The concept of talent as it applies to the business world isn't a new one and, equally so, talent management is an idea that's been around for decades. Essentially, talent is about people, and talent management is about managing people. Talent and talent management are important concepts simply because an organisation's success or failure hinges in part on its employees, and these ideas are at the forefront right now because of the massive changes that Millennials are bringing to the nation's workplaces.
Talent and talent management
Talent is about people, but more than that, it's about exceptional people; the ones who have exceptional knowledge and are highly-skilled in a particular area. Talent describes the people who make a significant contribution to an organisation, either directly through what they achieve everyday, or in the long-term, by demonstrating that they have the potential to make such a contribution.
Talent management, therefore, is all about identifying and attracting talented individuals, developing their skills, and determining how best to use them in an organisation. Obviously, it's not enough to attract talented employees: without a defined management strategy in place to nurture, develop, and use an individual's particular skills, those talented employees may very well look elsewhere for a company that can offer them more.
New generation talent
The retirement of the baby-boomer generation and the influx of new Millennials is changing a lot of things in the workplace, and one of those things is talent management. Concepts like work-life balance and work flexibility are important to this generation, and they expect their employers to be as flexible as they are. To capture the top graduates of the new generation, talent management strategies need to take this into account and the simple necessity of learning how to manage the new generation of talent is bringing the concept of talent management into sharp focus.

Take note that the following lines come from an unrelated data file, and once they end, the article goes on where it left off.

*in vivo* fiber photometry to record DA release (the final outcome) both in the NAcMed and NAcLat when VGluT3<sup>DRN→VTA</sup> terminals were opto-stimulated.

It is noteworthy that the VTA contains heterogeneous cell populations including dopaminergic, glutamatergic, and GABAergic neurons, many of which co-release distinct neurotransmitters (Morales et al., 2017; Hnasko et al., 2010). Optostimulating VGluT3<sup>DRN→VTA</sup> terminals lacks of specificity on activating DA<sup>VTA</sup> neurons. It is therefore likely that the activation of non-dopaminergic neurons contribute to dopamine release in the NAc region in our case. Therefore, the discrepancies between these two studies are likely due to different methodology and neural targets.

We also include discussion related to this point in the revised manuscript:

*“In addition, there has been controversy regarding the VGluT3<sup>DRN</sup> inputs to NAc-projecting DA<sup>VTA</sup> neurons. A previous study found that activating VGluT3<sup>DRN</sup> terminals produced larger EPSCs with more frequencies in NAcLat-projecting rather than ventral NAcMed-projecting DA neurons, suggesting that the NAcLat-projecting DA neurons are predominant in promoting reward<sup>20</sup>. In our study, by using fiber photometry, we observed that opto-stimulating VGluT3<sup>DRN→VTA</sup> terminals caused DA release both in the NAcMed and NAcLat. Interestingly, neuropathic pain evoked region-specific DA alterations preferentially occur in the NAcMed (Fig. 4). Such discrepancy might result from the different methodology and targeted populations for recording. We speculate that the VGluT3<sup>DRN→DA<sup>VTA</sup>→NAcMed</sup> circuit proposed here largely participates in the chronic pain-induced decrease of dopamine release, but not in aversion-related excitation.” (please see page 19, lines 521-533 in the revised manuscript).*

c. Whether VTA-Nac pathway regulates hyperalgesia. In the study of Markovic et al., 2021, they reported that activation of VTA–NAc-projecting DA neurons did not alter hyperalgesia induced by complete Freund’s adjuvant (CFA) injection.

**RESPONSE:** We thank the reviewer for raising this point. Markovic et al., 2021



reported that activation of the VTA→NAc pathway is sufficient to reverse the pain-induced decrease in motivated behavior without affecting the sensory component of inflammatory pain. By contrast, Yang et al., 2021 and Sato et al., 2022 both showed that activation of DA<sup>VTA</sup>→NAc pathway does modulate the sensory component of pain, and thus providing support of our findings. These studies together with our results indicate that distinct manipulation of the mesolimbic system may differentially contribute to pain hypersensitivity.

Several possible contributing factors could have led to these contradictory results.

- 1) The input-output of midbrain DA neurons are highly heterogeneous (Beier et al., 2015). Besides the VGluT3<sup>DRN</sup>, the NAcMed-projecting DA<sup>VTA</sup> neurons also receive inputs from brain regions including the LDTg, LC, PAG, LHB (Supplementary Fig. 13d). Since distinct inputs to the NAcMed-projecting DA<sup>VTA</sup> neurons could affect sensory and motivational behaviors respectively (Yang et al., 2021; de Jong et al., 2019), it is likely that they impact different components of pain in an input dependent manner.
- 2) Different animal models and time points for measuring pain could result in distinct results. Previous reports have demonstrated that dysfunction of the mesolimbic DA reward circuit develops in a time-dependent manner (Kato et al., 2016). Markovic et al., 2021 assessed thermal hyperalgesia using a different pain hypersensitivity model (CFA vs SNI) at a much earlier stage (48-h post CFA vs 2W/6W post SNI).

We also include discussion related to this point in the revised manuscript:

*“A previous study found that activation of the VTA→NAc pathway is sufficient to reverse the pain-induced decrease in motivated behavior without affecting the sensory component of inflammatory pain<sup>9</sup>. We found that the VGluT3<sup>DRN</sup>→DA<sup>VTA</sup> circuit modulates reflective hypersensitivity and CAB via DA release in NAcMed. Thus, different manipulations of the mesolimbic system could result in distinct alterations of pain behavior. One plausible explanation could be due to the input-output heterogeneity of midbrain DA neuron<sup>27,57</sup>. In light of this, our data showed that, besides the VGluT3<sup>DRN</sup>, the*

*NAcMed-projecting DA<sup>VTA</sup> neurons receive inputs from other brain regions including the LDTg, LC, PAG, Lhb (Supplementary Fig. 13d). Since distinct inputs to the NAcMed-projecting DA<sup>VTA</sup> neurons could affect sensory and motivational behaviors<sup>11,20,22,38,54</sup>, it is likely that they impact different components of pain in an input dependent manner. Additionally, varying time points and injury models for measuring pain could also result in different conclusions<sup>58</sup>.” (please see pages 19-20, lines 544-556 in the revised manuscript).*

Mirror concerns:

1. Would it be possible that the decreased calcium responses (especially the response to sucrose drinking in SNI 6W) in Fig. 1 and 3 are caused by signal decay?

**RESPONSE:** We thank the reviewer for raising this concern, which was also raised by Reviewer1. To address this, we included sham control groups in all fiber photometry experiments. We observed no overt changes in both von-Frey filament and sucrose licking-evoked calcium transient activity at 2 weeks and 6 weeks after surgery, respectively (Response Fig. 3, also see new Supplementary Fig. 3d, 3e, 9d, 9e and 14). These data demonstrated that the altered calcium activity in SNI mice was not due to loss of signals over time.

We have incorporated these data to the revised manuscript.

Talent management extended to all employees
The concept of talent as applied to employees has traditionally been limited to those workers who are particularly skilled, but there's a case to be made for treating all employees in a similarly individual fashion.
According to a 2013 survey from Benchmark Recruitment, most people who quit their jobs do so because they're unhappy at work for reasons that don't relate to how much money they're getting. Of the survey's 3,000 respondents, just 13% left their jobs for financial reasons. People quit when they feel unappreciated, when they feel unmotivated, when they perceive a lack of opportunity for training and advancement, and when they feel like their skills and talents aren't being put to good use. That holds true for workers at every level and that's a good case for extending the principles of talent management to all an organisation's employees, rather than those few who are particularly skilled or are in high-level jobs.
Organisations can benefit in a variety of ways from creating a workplace environment that treats all employees as individuals, with individual development plans that nurture their strengths and allow them opportunities to train and learn new skills. Employees are happier and more motivated, more highly engaged, and less likely to leave their jobs, all of which translates into higher worker efficiency and greater employee retention, and ultimately, a more cost-effective workplace.
The concept of talent and talent management is not without its critics. The criticism seems to revolve around the semantics of the word 'talent'. Talent should be something unique, or at least special, that makes a person stand out. If everyone is treated as being talented then the word becomes meaningless. It has also become something of a buzzword and many feel that gives it something of a 'red light' status. Ironically when people start talking about talent in general terms, rather than in the specific terms of talking about someone with a genuine talent, it may be an indication that they don't really know what they are talking about.
Is talent just a current buzzword, or is it here to stay because it appeals to the values of a new generation; the X Factor for the Millennials; Generation Y?